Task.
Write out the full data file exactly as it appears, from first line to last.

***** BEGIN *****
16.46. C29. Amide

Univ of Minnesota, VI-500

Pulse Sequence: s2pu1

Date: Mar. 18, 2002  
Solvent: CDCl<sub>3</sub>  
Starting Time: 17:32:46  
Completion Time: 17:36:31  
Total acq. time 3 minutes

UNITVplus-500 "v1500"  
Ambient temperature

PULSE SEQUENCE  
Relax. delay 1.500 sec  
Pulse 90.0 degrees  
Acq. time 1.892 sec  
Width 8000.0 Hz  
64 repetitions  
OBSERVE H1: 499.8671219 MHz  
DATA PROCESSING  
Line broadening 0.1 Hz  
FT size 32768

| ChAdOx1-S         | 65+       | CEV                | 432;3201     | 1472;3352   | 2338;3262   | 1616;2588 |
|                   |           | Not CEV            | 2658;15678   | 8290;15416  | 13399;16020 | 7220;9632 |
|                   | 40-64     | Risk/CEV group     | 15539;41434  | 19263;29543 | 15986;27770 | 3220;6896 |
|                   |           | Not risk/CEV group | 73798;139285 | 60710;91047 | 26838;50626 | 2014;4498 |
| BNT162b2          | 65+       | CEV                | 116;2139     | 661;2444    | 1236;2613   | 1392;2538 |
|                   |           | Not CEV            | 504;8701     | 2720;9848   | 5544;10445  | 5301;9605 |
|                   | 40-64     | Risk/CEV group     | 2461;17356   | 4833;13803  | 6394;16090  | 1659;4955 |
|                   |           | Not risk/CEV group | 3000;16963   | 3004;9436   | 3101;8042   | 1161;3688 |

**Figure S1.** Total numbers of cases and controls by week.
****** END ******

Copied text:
16.46. C29. Amide

Univ of Minnesota, VI-500

Pulse Sequence: s2pu1

Date: Mar. 18, 2002  
Solvent: CDCl<sub>3</sub>  
Starting Time: 17:32:46  
Completion Time: 17:36:31  
Total acq. time 3 minutes

UNITVplus-500 "v1500"  
Ambient temperature

PULSE SEQUENCE  
Relax. delay 1.500 sec  
Pulse 90.0 degrees  
Acq. time 1.892 sec  
Width 8000.0 Hz  
64 repetitions  
OBSERVE H1: 499.8671219 MHz  
DATA PROCESSING  
Line broadening 0.1 Hz  
FT size 32768

| ChAdOx1-S         | 65+       | CEV                | 432;3201     | 1472;3352   | 2338;3262   | 1616;2588 |
|                   |           | Not CEV            | 2658;15678   | 8290;15416  | 13399;16020 | 7220;9632 |
|                   | 40-64     | Risk/CEV group     | 15539;41434  | 19263;29543 | 15986;27770 | 3220;6896 |
|                   |           | Not risk/CEV group | 73798;139285 | 60710;91047 | 26838;50626 | 2014;4498 |
| BNT162b2          | 65+       | CEV                | 116;2139     | 661;2444    | 1236;2613   | 1392;2538 |
|                   |           | Not CEV            | 504;8701     | 2720;9848   | 5544;10445  | 5301;9605 |
|                   | 40-64     | Risk/CEV group     | 2461;17356   | 4833;13803  | 6394;16090  | 1659;4955 |
|                   |           | Not risk/CEV group | 3000;16963   | 3004;9436   | 3101;8042   | 1161;3688 |

**Figure S1.** Total numbers of cases and controls by week.